Conclusions: Our findings provide support for the hypothesis that emotional eating is one behavioural mechanism between symptoms of depression and development of obesity and abdominal obesity. Adults with shorter sleep duration and higher emotional eating may be particularly vulnerable to weight gain, which should be taken into account in weight management interventions.
Painoon liittyvät ihanteet, käyttäytymiset ja pitkän aikavälin terveys nuorilla aikuisilla
Ulla Kärkkäinen1, Anna Keski-Rahkonen1, Jaakko Kaprio1
1Kansanterveystieteen osasto, Helsingin yliopisto
Background: Obesity with its comorbidities has become a major public health concern worldwide. Young adulthood is a particularly critical period developing overweight or obesity. However, weight-related ideals and behaviors in young adulthood remain poorly understood.
Aims: First, to explore associations of weight-related ideals and behaviors with weight change over ten years. Second, to explore whether disordered eating behaviors have long-term health consequences in young adults. Participants were young adults from FinnTwin16 (N=5236), a nationwide longitudinal study of Finnish twins born between 1975-79, assessed at mean ages 24 and 34 years. Height, weight and waist circumference and actual-ideal weight discrepancy were based on self-report. Weight maintenance was defined as weight maintained within ±5% of baseline body mass index. Disordered eating behaviors were assessed using three subscales of the Eating Disorder Inventory-2 at age 24. Physical and psychological health was assessed using self-rated health and the General Health Questionnaire at ages 24 and 34.
Results: Overall, young adults gained weight over ten years. Actual-ideal weight discrepancy was not associated with future weight change. Yet, a majority of the young women and almost half of the young men were dissatisfied with their weight. Over ten years, only about a quarter of young adults were able to maintain their weight at the baseline level. Two factors emerged as significant determinants for long-term weight maintenance in both sexes: regular eating and having no history of intentional weight loss. Disordered eating behaviors were associated with long-term health-related consequences, particularly psychological distress.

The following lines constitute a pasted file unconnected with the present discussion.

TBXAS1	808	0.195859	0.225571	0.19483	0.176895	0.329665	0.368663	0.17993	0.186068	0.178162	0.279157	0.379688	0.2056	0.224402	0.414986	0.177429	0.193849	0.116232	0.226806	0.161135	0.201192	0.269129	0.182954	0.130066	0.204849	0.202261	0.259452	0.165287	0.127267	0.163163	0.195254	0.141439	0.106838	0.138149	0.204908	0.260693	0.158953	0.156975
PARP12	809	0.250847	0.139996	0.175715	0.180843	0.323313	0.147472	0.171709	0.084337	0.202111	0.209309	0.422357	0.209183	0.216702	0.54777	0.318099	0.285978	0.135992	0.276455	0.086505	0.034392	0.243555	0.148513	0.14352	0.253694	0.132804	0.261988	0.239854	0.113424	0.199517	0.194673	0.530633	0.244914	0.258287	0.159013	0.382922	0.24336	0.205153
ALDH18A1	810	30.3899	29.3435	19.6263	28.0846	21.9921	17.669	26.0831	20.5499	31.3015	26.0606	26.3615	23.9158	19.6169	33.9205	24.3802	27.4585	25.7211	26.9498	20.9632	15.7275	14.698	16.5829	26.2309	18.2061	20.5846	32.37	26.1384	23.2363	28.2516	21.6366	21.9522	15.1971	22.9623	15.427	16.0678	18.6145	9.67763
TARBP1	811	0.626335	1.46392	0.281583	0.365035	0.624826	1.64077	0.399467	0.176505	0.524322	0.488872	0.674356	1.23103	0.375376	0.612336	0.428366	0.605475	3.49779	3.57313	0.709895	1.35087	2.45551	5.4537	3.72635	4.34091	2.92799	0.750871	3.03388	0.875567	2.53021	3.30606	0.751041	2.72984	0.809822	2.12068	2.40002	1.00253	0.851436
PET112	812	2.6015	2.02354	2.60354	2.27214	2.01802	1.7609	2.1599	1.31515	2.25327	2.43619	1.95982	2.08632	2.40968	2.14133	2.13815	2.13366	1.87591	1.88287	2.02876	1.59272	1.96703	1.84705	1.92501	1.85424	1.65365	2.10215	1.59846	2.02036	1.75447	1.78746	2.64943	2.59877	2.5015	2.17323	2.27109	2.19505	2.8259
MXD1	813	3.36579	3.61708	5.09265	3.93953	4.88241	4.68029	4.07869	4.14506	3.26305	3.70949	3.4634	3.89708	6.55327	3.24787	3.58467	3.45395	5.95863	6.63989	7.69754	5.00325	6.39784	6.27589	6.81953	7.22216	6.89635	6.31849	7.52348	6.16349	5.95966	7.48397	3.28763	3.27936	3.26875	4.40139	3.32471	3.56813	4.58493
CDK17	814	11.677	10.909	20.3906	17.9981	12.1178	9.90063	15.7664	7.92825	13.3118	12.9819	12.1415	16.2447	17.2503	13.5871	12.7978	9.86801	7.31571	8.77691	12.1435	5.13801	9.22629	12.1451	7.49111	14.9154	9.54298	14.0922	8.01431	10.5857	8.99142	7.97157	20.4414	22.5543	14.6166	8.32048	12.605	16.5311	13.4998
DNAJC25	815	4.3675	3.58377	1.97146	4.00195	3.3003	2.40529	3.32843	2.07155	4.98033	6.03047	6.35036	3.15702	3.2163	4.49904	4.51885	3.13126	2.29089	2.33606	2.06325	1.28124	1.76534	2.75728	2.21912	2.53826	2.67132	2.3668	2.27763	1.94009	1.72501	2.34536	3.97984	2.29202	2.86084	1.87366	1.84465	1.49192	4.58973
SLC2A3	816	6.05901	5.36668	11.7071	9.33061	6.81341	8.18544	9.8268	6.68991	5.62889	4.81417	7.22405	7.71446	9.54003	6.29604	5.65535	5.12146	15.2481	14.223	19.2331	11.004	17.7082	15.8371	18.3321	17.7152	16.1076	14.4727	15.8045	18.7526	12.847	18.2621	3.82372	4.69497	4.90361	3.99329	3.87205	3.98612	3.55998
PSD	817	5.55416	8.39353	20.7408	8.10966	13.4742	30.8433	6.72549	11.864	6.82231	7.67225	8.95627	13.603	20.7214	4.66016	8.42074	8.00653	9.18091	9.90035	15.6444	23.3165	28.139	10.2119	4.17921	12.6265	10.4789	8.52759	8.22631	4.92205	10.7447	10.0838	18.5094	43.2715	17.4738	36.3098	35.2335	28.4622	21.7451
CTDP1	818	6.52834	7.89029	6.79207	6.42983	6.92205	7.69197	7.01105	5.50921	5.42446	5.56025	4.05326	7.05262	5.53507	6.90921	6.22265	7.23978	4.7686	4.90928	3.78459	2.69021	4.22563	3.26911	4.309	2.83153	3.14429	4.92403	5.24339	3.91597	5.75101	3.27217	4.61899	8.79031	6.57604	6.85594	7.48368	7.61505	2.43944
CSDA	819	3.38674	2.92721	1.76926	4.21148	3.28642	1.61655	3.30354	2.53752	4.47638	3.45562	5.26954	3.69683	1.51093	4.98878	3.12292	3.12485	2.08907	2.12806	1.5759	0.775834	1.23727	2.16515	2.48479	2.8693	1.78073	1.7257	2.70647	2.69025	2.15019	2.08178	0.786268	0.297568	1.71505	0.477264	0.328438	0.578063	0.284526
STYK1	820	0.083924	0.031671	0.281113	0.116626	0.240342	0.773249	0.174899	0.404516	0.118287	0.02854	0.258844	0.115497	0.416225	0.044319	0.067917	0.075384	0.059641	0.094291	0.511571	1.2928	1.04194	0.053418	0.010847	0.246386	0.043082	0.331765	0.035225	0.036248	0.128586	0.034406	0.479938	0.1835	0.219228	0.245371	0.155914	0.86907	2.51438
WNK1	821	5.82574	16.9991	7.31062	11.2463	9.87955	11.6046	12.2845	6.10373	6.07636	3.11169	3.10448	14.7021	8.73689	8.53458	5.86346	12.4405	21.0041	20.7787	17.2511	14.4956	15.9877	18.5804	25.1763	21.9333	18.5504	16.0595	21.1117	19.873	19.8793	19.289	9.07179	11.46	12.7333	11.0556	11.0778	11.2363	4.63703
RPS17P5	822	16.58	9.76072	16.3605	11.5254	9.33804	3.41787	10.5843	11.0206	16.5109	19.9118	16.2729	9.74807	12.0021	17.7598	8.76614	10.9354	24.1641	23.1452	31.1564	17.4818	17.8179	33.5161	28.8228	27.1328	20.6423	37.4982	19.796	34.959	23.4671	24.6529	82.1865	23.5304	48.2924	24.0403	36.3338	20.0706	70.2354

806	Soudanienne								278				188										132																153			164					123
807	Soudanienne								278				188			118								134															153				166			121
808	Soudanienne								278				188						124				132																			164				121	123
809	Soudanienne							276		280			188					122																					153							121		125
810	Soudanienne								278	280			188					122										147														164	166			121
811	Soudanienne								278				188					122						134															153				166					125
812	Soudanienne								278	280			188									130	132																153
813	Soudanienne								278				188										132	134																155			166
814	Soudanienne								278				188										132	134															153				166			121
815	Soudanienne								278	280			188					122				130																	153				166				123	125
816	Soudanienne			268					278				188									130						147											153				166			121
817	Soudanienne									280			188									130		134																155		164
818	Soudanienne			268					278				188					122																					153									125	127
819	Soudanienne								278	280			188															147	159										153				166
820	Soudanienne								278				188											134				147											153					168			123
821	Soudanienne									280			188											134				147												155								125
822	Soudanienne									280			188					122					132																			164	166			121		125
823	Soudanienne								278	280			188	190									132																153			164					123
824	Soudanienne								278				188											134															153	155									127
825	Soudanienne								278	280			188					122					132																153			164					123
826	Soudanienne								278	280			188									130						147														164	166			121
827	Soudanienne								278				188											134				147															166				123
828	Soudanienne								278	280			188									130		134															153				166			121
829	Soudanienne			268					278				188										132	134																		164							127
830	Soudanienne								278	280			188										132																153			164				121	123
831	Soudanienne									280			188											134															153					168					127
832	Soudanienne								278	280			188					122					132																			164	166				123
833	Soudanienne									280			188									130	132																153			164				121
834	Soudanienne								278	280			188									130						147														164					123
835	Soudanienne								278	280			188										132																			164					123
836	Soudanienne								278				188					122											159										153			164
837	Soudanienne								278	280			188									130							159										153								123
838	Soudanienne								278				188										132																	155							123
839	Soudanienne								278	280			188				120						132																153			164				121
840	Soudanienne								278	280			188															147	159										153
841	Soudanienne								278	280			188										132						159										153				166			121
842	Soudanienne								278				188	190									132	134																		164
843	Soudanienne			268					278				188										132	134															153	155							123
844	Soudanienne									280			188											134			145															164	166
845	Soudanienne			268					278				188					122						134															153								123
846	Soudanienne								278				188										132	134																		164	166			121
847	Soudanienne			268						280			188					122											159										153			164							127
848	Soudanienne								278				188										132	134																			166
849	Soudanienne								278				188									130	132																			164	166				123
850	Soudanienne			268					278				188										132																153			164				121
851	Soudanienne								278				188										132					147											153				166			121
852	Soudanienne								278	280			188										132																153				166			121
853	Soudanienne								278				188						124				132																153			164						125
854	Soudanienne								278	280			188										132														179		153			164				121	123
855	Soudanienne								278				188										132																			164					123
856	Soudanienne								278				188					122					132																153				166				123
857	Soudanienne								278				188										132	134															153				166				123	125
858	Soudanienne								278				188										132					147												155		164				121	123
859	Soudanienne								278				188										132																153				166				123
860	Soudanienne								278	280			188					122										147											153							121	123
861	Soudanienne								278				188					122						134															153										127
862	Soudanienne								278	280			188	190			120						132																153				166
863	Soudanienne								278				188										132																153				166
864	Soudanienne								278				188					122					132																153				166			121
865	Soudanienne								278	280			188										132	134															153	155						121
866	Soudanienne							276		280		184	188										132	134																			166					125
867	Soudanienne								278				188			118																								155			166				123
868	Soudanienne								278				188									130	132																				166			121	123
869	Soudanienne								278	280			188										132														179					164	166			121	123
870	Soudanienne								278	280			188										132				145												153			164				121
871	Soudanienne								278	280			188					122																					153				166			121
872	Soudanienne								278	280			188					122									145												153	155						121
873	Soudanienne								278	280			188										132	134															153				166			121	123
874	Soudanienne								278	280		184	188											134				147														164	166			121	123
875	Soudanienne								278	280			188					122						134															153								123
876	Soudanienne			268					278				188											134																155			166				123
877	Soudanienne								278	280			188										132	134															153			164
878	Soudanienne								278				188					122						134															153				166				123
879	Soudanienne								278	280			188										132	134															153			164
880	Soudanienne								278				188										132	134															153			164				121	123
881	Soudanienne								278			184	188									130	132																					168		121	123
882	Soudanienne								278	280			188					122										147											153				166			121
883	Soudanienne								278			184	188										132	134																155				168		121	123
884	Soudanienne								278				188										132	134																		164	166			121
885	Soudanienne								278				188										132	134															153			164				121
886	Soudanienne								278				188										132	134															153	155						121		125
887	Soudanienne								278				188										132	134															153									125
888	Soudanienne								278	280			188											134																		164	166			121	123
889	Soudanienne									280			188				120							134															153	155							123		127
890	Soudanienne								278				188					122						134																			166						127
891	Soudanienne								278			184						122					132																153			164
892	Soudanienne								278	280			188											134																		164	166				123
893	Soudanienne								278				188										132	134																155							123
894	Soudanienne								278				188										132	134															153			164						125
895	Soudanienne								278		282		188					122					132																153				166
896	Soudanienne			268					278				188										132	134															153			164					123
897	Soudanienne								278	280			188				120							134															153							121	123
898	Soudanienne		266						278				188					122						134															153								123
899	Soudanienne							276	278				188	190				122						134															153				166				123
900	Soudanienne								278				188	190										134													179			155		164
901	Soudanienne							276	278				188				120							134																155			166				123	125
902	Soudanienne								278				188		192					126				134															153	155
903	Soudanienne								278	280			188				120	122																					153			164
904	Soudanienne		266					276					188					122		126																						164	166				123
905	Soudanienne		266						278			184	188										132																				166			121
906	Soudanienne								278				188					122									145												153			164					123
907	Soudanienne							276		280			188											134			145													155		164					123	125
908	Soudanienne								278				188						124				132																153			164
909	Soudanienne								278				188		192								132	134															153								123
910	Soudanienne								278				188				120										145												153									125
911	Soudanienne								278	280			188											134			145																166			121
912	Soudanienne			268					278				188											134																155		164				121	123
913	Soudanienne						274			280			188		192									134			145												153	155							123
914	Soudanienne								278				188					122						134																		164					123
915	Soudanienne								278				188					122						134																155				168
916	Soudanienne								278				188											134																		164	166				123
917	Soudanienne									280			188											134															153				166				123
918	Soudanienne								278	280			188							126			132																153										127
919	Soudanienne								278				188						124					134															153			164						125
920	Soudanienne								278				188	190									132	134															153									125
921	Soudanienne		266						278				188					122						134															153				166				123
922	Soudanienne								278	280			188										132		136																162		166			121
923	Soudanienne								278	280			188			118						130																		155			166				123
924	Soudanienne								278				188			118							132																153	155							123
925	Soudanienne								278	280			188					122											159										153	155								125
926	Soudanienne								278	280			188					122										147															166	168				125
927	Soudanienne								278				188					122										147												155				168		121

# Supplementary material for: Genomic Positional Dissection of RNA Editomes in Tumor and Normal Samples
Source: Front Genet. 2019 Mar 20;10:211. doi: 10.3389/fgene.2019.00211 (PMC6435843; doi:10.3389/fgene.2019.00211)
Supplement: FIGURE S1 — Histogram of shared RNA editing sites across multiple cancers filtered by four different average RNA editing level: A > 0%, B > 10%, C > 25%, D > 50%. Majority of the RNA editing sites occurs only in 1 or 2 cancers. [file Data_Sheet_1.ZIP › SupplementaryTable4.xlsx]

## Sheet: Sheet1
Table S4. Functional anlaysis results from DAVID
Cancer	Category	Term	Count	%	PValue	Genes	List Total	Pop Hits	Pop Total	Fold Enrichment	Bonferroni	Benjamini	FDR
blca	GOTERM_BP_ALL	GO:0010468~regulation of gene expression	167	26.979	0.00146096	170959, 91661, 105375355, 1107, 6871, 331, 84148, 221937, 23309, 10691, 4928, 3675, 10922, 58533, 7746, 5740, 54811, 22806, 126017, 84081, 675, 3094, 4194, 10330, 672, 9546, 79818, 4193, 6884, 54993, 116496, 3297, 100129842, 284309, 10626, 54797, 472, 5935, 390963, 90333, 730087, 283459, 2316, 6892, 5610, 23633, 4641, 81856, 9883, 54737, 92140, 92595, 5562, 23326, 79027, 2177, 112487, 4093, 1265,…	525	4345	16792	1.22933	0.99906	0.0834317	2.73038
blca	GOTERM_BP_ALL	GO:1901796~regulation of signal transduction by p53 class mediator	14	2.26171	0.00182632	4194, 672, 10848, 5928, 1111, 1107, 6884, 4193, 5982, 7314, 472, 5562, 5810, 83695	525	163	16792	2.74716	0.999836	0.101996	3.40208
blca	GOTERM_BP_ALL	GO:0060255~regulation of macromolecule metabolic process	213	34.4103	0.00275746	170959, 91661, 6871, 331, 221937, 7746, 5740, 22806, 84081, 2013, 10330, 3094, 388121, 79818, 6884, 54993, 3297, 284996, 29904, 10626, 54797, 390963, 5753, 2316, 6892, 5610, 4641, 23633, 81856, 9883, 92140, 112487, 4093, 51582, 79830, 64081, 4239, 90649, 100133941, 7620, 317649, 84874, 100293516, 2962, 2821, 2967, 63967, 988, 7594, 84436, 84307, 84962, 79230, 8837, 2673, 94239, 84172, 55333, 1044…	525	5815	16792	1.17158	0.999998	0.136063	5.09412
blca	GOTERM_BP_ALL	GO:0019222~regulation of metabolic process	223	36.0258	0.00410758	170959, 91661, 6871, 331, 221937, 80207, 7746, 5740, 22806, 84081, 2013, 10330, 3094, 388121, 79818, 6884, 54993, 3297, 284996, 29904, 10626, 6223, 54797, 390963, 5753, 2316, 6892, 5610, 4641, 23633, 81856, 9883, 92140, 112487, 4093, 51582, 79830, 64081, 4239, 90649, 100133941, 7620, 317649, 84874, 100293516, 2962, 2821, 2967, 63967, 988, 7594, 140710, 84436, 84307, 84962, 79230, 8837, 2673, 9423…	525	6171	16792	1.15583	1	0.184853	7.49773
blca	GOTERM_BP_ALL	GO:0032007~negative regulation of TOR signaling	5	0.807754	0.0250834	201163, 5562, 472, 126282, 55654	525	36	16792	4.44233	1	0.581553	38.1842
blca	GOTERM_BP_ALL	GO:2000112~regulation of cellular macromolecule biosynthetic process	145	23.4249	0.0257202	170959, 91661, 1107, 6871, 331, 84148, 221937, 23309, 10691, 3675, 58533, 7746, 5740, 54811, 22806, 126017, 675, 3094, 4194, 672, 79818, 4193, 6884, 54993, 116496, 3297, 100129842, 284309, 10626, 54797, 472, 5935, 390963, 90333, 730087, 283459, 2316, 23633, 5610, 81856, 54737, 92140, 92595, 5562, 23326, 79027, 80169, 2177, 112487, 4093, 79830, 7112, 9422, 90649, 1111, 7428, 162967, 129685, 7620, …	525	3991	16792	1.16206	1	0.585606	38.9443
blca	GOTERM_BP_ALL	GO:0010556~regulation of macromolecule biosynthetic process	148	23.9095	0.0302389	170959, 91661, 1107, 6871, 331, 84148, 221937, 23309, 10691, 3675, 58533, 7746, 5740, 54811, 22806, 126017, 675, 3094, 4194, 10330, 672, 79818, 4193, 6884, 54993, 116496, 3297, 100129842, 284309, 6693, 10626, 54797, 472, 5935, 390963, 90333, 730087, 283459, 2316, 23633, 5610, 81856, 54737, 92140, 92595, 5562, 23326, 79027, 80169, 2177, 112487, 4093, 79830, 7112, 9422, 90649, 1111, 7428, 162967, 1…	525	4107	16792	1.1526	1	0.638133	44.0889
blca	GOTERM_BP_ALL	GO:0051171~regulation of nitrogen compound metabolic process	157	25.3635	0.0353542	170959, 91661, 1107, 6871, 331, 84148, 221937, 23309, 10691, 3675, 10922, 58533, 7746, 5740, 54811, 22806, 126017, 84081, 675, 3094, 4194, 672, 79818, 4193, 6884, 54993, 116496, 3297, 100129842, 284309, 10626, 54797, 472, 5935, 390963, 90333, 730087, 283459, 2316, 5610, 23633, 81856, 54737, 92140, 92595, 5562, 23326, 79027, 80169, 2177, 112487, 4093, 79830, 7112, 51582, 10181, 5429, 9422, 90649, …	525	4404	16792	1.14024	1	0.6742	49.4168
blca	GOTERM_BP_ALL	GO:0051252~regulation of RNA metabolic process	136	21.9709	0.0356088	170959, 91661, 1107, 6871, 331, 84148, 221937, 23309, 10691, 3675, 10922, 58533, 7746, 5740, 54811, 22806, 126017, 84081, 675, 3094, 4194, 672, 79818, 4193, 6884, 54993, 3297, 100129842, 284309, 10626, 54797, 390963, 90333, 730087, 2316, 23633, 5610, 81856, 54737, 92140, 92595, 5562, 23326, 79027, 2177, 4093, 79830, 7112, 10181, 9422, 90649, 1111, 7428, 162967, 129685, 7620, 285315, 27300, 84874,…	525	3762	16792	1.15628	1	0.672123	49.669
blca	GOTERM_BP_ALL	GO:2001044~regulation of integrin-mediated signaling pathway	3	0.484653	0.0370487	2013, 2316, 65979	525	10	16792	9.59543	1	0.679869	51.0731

DSM-5 syömishäiriöiden esiintyvyys ja ilmaantuvuus suomalaisilla nuorilla
Yasmina Silén1, Anu Raevuori1, Pyry Sipilä1, Linda Mustelin1, Anna Keski-Rahkonen1
Objective: To estimate the lifetime prevalence and 10-year incidence of eating disorders adolescents and young adults in Finland using criteria described in the Fifth Diagnostic and Statistic Manual (DSM-5).
Method:In the FinnTwin12 cohort, all Finnish twins born from 1983–87 (n=5,600) were followed prospectively from the age of 12. A subsample of participants (n=1347, 27.7% with family history of alcoholism) were diagnostically interviewed in their early twenties. Eating disorder diagnoses were validated by three medical doctors.
Results:The combined lifetime eating disorder prevalence was 19.3% for women, 2.4% for men and 11.3% for both. Lifetimeprevalenceestimates for women and men, respectively, were 6.2% and 0.3% for Anorexia Nervosa (AN), 3% and 0.16% for Bulimia Nervosa (BN), 0.6% and 0.3% for Binge Eating Disorder (BED), 4.7% and 0.16% for Other Specified Feeding or Eating Disorder (OSFED) and 5.2% and 1.6%for Unspecified Feeding or Eating Disorder (UFED). In women, the prevalence of OSFED Atypical AN, Purging Disorder, BN (low frequency/limited duration) and BED (low frequency/limited duration) were 2.3%, 1.3%, 0.4% and 0.7%, respectively. The 10-year incidence rate per 100 000 person-years was 320 for AN, 120 for BN, 45 for BED, 250 for OSFED and 285 for UFED.
Discussion: Eating disorders among adolescents are much more frequent than previously thought. Nearly every fifth female had experienced DSM-5 eating disorders by the time they had reached young adulthood. Given the considerable burden of eating disorders, adequate screening efforts, prevention programmes and treatment facilities are needed.